Celebrating Elisabeth Elliot's Life: A Pioneer and Prayer Warrior
Elisabeth Elliot went home to be with her Savior Sunday, June 14, 2015. You can read CT's obituary on her life here. After her first husband was killed by the Auca Indians in 1956, Elisabeth famously went back to live among the Aucas in order to share the love of Christ. Join TCW in remembering and honoring this compelling woman of faith. —TCW Editors
Elisabeth Elliot never set out to be a radio personality. She set out to do the will of God—something we don't hear much about these days. We hear about being missional, relational, and relevant—all significant ingredients in fighting today's culture wars. However, Elisabeth believed in asking this foundational question: Is this God's will for me, right now, in this place? Even after tragically losing her husband, Jim Elliot, in a beachfront skirmish during a missionary outreach effort to the previously unreached Aucan people of Ecuador, she trusted God's faithfulness unfailingly over the years, and has used her story to minister to thousands—including me.
While a junior in college, I devoured Let Me Be a Woman, and then wrote her a letter to thank her for the book and to tell her I could not get enough of it. Within a week, she responded to me personally, and we continued our exchange for nine years when I became the announcer and producer for her radio program, Gateway to Joy.
Unapologetically, Elisabeth espoused such truths as: give to get, lose to find, and die to live. Setting her sights "on things above" (Colossians 3:1), Elisabeth ministered among three indigenous groups in Ecuador before helping listeners and readers find joy in the ordinary affairs of life—like cooking meals and cleaning toilets—on her globally syndicated radio program. She called it living sacramentally, and her rock-solid principles shaped my life.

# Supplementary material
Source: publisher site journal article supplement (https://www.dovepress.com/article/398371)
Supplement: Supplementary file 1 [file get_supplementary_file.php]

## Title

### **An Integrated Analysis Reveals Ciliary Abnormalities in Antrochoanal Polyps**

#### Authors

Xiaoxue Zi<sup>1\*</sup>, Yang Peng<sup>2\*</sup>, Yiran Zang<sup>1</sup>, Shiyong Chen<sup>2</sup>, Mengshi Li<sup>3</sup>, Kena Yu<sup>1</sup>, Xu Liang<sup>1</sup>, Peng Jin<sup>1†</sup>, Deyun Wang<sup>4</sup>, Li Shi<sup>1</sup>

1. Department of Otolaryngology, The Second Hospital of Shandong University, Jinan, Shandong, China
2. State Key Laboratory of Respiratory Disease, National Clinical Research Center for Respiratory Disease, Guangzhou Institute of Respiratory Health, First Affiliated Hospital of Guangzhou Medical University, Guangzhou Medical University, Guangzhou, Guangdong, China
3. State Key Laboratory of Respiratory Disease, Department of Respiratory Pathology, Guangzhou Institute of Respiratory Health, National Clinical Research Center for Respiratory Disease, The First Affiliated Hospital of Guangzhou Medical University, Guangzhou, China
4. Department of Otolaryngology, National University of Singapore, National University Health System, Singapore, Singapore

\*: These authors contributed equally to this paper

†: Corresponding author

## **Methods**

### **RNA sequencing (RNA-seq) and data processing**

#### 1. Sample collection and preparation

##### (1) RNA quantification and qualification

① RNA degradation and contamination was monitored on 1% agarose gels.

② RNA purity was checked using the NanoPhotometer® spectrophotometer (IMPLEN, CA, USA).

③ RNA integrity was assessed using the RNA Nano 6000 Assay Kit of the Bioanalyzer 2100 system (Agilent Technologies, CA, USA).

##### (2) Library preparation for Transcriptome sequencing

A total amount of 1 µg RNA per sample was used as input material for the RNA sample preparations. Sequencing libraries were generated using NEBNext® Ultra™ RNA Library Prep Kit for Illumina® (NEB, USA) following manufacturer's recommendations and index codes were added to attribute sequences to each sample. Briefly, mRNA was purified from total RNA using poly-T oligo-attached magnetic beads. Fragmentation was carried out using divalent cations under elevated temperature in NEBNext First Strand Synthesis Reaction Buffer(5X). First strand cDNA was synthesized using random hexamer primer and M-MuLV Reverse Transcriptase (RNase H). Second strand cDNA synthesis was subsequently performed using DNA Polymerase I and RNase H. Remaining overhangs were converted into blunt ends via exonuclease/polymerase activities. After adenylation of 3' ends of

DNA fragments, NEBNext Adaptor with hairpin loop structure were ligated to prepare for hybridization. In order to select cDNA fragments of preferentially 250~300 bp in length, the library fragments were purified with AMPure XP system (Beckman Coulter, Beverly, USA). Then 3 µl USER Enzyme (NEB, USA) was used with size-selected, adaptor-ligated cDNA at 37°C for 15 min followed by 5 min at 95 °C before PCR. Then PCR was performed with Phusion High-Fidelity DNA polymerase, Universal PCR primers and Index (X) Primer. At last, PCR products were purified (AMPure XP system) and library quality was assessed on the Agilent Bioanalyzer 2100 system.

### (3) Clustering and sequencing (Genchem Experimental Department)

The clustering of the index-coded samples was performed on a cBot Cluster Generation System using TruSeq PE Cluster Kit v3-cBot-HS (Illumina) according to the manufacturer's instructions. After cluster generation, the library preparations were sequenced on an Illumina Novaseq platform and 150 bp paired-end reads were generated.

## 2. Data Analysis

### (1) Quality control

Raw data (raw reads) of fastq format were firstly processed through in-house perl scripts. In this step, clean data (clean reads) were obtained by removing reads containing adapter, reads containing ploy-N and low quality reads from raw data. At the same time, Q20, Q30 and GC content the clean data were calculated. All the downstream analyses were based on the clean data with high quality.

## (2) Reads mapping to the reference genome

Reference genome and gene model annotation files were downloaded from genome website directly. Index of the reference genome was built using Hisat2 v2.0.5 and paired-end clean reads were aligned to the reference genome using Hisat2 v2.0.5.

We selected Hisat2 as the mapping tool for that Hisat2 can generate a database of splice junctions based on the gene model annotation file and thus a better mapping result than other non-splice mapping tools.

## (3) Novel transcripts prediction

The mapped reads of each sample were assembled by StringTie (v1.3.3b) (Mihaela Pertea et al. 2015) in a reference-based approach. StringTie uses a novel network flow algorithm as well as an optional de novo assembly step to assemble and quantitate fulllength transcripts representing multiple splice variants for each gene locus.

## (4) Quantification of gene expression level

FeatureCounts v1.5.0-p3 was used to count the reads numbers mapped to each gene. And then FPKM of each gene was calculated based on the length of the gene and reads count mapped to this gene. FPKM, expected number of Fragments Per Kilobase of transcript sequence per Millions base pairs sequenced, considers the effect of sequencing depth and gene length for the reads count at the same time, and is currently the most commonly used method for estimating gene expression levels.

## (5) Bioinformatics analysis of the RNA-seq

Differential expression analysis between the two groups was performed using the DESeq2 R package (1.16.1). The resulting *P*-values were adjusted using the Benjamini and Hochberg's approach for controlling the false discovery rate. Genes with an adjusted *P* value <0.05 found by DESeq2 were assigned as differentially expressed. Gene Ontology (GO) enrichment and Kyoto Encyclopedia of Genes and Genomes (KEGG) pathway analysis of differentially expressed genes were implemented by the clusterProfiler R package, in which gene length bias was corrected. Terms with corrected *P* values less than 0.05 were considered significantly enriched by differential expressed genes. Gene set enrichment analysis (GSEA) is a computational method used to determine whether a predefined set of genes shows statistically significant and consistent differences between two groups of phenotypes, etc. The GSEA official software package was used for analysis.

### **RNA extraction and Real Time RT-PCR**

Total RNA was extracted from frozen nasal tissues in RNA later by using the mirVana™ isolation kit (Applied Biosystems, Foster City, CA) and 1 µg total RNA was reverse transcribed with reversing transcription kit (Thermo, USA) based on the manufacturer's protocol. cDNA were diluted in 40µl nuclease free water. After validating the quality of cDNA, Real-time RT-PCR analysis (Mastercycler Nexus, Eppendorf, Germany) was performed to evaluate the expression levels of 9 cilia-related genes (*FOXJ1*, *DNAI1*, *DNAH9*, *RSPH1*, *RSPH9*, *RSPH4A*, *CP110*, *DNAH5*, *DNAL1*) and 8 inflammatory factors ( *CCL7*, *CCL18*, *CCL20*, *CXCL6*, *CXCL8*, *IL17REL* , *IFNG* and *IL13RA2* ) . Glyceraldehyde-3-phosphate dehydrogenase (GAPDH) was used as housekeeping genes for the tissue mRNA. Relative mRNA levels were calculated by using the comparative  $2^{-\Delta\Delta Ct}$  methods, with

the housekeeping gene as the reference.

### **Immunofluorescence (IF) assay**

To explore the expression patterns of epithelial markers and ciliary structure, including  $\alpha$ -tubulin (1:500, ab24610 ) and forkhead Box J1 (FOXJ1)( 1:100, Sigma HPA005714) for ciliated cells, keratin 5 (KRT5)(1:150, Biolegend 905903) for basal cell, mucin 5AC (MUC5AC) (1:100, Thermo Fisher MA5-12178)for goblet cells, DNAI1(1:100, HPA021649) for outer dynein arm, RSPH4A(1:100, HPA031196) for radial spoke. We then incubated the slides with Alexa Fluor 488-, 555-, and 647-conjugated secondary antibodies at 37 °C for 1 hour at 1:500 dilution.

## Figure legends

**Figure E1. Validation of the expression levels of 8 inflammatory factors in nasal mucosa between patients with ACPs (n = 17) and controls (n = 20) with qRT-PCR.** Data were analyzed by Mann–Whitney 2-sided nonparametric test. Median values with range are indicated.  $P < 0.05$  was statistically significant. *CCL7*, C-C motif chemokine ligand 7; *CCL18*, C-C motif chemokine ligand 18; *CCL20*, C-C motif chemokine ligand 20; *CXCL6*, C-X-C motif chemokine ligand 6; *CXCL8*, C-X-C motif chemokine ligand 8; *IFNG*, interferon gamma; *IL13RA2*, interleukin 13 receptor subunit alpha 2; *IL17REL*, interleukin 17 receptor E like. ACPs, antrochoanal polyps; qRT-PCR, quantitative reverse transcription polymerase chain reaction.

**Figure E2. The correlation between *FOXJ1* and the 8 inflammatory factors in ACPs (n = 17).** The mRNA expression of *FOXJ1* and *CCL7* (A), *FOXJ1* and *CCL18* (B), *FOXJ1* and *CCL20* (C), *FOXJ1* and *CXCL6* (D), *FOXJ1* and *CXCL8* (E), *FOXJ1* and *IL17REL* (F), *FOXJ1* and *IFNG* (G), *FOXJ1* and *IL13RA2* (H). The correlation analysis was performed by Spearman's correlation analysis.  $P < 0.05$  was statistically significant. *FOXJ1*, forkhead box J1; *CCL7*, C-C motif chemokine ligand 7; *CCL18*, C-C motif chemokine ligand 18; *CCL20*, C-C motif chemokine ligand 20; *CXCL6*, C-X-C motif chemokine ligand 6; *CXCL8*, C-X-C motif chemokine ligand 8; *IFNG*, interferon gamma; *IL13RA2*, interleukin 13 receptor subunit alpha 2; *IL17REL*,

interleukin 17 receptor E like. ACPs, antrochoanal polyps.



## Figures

Marriage and Ministry in the Ecuadorian Jungle
Because her parents often opened up their home to guests, Elisabeth met missionaries and preachers from all over the world. Their lives and stories acquainted Elisabeth's heart with the idea of wanting God's will for her life.
As a student at Wheaton College, Elisabeth found herself falling in love with Jim Elliot, the life of the party and the soul of many prayer meetings held on campus. Jim was frequently credited with saying, "Wherever you are, be all there; live to the hilt every situation you believe to be the will of God." This is how he lived, and how he died.
After declaring his love for Elisabeth, Jim believed God was calling him to go to the international mission field in Ecuador as a bachelor. Though they were divided by the Andes Mountains for five years, Elisabeth accepted Jim's marriage proposal and the condition attached to it: to learn the Ecuadorian Quichua language before they got married.
In 1953, Jim and Elisabeth tied the knot before a judge in Quito, Ecuador. After a honeymoon to Panama, the couple returned to Ecuador and set up their tent among the Quichuas in the town of Puyopungo until Jim could get a house built for them. Having lived separately in the jungle, both Jim and Elisabeth knew just how demanding this life could be. It consumed all one's strength, time, and resources to keep the dense jungle, and the diseases it harbored, at bay.
The End of the Spear
While diligently serving the Quichua Indians, Jim was drawn to the challenge of reaching a savage group of Indians among whom no white man had ever set foot and lived, known then as the Aucas (and now as the Waoirani). Realizing he could never accomplish this monumental task alone, Jim surrounded himself with four men who shared his vision: Nate Saint (a pilot with Missionary Aviation Fellowship), Roger Youderian (a missionary with Gospel Missionary Union—now called Avant—to the Shuar Indians), Ed McCully (a former classmate of Jim's at Wheaton), and Pete Flemming (another Plymouth Brethren missionary serving alongside Jim).